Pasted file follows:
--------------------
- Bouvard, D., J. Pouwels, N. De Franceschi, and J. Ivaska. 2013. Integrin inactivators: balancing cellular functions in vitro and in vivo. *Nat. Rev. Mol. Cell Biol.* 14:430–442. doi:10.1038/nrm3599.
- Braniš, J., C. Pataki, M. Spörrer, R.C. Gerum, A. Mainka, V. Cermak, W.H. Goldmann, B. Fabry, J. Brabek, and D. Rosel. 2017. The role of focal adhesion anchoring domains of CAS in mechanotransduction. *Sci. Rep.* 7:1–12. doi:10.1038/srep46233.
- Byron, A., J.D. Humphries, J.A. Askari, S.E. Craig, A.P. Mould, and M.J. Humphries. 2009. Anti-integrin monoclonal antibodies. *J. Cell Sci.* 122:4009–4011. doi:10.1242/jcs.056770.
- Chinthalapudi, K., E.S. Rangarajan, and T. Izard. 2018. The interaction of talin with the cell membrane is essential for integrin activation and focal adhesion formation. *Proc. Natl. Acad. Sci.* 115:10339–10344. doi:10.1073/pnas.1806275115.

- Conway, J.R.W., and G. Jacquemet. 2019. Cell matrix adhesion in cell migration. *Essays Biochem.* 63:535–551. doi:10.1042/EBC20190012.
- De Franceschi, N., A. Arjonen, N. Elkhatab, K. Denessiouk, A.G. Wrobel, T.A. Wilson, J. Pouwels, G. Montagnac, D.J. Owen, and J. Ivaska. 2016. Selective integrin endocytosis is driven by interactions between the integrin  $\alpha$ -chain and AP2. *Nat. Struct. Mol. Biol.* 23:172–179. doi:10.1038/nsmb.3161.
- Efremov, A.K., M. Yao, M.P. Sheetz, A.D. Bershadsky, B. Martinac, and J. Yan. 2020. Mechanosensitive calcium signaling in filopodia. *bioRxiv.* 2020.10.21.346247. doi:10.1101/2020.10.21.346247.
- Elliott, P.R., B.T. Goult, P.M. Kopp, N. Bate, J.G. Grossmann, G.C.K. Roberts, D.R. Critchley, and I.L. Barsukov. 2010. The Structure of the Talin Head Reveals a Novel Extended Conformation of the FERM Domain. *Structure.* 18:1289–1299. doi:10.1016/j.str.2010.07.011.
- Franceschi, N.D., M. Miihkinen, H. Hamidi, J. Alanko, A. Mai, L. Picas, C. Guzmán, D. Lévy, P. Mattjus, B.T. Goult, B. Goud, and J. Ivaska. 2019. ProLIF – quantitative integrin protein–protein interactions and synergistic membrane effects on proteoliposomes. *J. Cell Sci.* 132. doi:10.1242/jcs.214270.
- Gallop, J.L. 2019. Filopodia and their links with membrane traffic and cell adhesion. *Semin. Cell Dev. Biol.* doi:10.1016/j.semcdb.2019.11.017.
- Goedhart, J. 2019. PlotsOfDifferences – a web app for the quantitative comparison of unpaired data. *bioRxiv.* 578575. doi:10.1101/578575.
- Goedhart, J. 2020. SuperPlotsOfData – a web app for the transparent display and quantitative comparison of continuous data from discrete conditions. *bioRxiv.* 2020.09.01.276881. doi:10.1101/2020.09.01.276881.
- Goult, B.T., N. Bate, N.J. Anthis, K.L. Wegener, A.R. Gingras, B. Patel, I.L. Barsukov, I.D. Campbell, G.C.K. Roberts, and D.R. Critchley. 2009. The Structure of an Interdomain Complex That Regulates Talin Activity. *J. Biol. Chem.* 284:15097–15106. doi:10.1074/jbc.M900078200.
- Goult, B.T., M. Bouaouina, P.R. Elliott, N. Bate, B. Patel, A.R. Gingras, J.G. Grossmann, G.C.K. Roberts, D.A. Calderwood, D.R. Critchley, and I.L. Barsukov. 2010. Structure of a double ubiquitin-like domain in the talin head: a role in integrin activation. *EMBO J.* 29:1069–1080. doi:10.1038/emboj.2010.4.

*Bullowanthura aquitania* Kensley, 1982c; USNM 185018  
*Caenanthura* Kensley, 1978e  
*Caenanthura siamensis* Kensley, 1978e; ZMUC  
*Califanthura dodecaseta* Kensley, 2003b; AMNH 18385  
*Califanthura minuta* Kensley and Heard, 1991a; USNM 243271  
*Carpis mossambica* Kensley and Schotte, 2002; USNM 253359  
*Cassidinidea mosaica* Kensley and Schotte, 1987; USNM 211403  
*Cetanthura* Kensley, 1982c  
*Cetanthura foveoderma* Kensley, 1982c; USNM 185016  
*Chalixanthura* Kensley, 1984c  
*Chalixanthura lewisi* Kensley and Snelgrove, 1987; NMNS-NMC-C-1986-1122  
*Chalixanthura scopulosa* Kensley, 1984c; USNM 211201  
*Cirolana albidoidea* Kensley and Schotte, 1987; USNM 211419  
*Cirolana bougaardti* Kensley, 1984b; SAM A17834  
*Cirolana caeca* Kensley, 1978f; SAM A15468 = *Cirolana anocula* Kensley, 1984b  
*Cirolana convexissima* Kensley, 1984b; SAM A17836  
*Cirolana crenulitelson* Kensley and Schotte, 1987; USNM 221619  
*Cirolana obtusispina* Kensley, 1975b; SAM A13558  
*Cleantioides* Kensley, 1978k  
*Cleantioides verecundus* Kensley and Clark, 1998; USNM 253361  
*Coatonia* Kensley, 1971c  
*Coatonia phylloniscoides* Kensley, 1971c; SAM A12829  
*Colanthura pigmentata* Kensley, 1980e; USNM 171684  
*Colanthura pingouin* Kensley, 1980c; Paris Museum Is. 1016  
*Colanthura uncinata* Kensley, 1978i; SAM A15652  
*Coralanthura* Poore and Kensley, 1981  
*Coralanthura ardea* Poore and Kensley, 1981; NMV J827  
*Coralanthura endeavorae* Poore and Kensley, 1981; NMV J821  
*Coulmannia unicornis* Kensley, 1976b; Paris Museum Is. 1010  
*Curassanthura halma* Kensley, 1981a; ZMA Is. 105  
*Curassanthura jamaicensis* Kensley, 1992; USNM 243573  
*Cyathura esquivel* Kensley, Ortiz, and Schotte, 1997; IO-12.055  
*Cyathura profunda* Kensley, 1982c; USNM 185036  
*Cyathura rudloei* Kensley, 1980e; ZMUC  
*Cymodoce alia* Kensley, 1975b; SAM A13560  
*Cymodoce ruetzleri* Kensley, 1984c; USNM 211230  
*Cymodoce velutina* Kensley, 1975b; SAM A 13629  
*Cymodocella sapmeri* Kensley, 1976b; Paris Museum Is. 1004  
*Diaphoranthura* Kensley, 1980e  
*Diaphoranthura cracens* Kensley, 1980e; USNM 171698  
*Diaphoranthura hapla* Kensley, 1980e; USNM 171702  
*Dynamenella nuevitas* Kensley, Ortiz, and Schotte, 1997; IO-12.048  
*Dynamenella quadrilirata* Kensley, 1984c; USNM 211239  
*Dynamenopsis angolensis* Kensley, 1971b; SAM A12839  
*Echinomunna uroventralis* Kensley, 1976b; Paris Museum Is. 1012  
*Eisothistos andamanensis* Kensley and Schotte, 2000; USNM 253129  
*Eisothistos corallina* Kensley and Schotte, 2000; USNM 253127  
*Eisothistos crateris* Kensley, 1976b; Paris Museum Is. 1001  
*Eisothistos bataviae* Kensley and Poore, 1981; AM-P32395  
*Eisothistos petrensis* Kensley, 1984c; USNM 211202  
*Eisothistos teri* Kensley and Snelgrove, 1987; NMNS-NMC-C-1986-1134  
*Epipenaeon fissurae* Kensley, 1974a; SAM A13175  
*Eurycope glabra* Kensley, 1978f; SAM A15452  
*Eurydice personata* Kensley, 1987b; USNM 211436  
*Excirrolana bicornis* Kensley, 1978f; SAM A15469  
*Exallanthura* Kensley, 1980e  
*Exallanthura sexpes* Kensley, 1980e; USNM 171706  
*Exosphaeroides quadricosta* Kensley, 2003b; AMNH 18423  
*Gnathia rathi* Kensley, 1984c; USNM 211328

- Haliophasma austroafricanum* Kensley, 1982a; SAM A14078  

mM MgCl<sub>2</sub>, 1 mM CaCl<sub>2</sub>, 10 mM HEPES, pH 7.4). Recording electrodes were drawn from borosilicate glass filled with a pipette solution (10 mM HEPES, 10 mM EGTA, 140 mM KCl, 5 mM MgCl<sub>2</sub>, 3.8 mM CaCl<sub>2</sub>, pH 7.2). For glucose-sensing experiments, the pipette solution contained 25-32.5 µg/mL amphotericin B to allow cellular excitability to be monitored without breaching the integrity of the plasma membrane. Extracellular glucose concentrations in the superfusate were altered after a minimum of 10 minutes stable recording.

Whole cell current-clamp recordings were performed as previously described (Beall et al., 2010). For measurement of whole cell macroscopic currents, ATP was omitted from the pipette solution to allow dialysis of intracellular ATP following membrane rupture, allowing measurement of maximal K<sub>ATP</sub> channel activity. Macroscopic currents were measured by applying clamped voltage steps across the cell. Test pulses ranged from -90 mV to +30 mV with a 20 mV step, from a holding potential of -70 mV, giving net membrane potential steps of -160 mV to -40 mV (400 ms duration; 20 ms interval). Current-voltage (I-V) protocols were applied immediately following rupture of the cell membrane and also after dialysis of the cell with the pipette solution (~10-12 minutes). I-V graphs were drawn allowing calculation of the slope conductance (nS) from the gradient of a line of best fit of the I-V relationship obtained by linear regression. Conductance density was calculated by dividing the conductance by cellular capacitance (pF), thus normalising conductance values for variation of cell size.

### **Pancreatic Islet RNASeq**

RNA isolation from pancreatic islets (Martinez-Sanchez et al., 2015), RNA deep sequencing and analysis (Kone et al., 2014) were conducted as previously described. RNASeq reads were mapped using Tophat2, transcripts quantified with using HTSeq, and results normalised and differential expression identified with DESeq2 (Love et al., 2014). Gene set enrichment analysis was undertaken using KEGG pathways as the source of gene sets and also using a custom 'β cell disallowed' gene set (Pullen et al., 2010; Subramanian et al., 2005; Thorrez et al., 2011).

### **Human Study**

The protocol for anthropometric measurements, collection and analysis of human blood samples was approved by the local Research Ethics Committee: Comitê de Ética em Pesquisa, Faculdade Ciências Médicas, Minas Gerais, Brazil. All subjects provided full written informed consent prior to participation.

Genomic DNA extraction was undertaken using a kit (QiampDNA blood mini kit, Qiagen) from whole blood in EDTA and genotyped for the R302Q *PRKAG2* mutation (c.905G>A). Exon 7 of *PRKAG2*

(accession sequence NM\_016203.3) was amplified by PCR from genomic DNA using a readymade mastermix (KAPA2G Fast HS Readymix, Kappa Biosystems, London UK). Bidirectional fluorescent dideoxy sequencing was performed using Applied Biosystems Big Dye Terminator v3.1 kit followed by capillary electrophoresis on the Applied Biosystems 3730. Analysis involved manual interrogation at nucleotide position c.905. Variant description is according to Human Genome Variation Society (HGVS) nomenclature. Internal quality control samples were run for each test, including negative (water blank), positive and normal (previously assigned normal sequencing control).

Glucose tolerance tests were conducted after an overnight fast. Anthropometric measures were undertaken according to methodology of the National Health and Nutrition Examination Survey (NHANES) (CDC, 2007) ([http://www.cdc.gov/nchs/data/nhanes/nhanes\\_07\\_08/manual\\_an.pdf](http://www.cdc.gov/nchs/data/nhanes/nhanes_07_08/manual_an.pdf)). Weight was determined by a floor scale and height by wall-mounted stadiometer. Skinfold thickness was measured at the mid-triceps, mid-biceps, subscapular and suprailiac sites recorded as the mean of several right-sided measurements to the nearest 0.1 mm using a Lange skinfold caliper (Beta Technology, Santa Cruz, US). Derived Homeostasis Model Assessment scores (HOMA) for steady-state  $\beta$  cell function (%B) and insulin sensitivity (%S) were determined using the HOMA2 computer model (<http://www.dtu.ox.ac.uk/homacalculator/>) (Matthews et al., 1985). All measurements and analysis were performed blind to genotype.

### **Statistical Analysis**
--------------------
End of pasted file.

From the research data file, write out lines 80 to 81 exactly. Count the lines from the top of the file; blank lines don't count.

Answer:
The protocol for anthropometric measurements, collection and analysis of human blood samples was approved by the local Research Ethics Committee: Comitê de Ética em Pesquisa, Faculdade Ciências Médicas, Minas Gerais, Brazil. All subjects provided full written informed consent prior to participation.

Genomic DNA extraction was undertaken using a kit (QiampDNA blood mini kit, Qiagen) from whole blood in EDTA and genotyped for the R302Q *PRKAG2* mutation (c.905G>A). Exon 7 of *PRKAG2*